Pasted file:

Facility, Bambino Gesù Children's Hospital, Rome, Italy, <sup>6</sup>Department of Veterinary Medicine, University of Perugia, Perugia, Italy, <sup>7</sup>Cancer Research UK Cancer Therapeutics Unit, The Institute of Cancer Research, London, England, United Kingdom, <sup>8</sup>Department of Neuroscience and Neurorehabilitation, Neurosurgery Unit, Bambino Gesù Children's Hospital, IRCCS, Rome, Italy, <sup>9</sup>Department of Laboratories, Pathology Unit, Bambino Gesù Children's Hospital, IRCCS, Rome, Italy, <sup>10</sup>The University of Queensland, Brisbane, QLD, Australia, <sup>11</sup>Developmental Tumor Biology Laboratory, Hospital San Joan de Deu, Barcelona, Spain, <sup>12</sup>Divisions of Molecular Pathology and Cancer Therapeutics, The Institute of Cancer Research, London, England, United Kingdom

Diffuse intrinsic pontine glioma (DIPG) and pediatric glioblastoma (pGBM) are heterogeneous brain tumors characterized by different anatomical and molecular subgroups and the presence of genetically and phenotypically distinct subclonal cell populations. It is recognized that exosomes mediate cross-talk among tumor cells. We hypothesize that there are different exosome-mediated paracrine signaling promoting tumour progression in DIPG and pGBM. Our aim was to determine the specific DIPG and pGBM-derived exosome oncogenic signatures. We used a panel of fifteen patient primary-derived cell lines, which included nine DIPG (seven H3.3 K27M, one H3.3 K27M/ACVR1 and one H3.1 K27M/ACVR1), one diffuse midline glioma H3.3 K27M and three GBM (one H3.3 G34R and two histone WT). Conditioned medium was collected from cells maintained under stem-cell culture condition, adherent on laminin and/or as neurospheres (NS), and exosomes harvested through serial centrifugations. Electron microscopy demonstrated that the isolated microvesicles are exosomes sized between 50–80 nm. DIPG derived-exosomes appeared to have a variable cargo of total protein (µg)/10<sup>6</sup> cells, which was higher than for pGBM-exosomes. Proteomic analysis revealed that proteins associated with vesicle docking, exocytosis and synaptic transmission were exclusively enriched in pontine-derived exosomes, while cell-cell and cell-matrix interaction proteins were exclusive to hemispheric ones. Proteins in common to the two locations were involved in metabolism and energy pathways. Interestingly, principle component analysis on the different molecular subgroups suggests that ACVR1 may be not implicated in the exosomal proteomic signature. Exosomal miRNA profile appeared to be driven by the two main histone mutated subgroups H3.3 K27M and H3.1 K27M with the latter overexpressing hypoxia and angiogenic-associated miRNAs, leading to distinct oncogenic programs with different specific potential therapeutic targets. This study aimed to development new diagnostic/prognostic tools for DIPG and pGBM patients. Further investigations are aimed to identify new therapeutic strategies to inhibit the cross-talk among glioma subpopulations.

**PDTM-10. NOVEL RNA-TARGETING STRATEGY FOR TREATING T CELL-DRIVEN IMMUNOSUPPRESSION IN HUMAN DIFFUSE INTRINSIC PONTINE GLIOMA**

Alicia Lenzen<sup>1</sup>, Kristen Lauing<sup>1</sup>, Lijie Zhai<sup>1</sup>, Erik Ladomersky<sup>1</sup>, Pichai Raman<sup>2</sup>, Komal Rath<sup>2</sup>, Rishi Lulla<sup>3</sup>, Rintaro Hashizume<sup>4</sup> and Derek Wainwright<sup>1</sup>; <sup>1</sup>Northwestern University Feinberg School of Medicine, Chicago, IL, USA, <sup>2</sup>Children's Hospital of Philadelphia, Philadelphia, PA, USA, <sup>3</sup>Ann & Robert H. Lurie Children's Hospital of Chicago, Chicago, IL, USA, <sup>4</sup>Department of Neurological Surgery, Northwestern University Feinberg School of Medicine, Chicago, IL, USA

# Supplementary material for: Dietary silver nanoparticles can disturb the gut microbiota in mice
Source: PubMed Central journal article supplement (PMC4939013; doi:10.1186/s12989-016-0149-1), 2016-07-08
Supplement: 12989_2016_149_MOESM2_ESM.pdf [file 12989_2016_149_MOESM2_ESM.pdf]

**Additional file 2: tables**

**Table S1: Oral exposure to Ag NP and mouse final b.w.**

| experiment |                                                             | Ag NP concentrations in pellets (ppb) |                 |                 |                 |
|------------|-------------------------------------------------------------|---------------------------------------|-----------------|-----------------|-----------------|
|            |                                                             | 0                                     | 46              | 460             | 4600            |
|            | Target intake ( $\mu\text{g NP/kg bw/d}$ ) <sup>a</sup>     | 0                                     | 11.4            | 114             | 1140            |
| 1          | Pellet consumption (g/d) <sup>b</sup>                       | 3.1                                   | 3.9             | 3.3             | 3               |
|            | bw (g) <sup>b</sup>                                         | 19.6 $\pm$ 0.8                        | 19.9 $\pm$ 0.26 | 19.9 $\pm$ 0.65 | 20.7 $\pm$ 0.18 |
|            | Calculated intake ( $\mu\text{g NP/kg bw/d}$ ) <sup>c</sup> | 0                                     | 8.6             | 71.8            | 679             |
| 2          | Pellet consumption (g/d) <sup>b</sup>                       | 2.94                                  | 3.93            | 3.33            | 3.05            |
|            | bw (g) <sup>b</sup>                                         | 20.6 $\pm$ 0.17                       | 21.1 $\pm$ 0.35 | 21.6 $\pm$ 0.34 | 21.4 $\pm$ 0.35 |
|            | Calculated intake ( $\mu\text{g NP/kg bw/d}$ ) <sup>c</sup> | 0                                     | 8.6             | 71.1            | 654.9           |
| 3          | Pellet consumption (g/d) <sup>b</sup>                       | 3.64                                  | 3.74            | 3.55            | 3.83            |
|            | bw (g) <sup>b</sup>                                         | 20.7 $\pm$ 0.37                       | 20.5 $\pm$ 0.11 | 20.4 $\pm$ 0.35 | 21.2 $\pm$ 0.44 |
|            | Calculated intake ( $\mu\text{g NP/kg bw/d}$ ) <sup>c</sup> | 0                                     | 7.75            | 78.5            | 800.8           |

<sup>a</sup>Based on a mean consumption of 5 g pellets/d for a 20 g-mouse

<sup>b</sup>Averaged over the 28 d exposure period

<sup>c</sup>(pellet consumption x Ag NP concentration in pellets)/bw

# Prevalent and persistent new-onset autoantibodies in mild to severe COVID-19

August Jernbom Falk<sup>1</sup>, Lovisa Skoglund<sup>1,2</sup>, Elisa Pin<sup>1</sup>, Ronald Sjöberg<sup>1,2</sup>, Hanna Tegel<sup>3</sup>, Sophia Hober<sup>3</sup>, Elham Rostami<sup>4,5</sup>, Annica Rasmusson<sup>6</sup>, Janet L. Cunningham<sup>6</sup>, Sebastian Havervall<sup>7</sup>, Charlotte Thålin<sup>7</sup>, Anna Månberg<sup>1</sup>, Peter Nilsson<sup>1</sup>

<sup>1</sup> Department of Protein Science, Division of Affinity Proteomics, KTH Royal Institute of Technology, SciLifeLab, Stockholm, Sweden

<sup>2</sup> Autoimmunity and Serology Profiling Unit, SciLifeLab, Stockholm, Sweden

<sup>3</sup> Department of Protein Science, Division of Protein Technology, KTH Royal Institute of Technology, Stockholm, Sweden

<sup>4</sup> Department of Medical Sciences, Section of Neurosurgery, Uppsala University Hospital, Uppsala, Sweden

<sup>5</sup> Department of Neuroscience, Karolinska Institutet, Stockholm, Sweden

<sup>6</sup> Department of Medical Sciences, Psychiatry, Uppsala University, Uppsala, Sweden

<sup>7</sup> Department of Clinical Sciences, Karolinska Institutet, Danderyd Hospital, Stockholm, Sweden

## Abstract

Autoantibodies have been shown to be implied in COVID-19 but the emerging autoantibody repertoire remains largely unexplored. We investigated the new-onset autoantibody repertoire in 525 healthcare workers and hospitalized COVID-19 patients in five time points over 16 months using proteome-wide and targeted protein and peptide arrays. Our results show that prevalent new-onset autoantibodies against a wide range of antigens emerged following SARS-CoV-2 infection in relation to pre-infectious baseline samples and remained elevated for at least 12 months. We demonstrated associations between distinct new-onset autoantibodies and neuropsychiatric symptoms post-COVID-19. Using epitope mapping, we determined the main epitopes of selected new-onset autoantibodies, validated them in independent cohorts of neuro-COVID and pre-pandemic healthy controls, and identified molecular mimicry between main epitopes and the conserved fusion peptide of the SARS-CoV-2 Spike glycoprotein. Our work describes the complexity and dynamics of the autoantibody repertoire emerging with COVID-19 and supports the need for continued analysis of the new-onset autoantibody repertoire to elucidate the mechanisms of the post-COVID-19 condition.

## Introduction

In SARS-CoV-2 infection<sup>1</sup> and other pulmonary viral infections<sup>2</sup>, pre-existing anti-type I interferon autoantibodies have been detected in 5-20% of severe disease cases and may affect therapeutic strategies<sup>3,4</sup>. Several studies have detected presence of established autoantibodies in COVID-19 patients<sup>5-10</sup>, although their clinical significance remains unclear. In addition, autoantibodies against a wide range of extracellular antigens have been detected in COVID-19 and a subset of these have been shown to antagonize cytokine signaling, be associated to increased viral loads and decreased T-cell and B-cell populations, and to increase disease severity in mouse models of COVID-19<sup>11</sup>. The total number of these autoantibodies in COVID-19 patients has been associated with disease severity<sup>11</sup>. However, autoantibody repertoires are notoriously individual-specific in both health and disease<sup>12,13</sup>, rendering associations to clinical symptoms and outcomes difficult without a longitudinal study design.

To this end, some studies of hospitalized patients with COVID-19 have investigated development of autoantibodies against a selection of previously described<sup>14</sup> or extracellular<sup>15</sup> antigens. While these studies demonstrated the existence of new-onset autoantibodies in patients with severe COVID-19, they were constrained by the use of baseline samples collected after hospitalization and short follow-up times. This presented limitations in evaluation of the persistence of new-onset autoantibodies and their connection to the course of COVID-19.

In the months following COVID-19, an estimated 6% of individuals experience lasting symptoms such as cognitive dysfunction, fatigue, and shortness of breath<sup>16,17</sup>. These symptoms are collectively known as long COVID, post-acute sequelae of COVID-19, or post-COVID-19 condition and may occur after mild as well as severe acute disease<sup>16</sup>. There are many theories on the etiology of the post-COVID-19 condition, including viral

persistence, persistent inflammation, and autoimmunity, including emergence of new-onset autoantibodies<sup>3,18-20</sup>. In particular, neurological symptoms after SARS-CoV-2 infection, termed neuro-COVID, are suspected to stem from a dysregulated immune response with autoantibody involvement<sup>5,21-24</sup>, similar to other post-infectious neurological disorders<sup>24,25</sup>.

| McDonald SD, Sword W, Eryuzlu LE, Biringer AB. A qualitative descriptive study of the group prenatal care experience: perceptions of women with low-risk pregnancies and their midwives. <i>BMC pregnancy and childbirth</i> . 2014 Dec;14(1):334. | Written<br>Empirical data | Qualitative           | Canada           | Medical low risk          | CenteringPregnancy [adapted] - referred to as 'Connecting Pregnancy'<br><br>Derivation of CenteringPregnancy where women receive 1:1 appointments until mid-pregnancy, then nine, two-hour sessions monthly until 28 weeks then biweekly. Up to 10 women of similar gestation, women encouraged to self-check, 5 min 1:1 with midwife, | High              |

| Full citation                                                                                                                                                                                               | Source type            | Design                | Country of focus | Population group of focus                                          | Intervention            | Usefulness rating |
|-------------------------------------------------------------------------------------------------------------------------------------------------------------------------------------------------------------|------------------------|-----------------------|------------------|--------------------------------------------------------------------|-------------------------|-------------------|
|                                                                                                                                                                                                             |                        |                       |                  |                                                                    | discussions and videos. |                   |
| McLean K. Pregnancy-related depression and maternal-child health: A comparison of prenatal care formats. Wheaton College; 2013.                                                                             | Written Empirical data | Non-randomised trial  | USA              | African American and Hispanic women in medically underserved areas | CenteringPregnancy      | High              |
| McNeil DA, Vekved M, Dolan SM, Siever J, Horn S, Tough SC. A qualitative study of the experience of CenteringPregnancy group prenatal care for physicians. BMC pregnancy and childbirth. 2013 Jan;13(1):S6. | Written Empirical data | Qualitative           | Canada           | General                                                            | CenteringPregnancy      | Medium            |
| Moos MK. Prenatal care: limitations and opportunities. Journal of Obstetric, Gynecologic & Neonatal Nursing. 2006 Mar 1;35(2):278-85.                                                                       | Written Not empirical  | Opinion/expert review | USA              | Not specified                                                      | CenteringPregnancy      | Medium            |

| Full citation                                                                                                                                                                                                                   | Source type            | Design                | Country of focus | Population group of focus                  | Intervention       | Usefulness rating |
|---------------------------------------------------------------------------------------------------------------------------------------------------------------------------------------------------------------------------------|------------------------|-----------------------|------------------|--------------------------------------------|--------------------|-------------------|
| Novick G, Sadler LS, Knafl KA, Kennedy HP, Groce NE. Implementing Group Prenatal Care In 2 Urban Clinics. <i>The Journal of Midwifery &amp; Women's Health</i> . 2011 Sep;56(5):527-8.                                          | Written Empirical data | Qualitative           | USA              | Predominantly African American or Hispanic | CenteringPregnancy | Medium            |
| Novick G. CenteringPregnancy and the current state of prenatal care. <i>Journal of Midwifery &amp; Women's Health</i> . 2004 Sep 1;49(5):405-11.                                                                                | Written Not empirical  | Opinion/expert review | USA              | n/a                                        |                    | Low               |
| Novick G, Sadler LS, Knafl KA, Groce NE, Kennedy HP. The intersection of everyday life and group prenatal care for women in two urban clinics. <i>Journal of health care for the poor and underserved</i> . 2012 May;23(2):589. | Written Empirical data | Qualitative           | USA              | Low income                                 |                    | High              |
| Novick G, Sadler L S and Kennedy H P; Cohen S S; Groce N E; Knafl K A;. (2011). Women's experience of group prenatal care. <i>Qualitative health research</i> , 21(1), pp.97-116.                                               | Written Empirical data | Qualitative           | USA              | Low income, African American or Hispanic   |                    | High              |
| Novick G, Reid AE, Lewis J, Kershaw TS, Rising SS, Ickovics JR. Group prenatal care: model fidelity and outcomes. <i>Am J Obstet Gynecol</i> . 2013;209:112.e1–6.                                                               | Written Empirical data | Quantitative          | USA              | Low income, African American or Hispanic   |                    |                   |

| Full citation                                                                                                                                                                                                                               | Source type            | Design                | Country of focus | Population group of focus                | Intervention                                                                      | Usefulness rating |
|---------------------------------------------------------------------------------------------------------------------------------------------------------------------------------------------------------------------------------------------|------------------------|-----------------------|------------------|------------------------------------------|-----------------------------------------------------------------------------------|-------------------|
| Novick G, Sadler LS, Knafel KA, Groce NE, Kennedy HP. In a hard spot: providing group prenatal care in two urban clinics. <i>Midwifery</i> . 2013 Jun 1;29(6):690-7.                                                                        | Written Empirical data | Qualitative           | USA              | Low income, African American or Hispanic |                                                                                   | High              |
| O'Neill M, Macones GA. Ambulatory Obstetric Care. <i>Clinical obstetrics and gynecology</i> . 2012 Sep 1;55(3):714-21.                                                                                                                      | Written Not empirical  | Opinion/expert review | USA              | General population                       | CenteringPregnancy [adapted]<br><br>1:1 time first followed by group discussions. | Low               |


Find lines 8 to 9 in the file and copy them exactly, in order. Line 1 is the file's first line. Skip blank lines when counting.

**Additional file 2: tables**

**Table S1: Oral exposure to Ag NP and mouse final b.w.**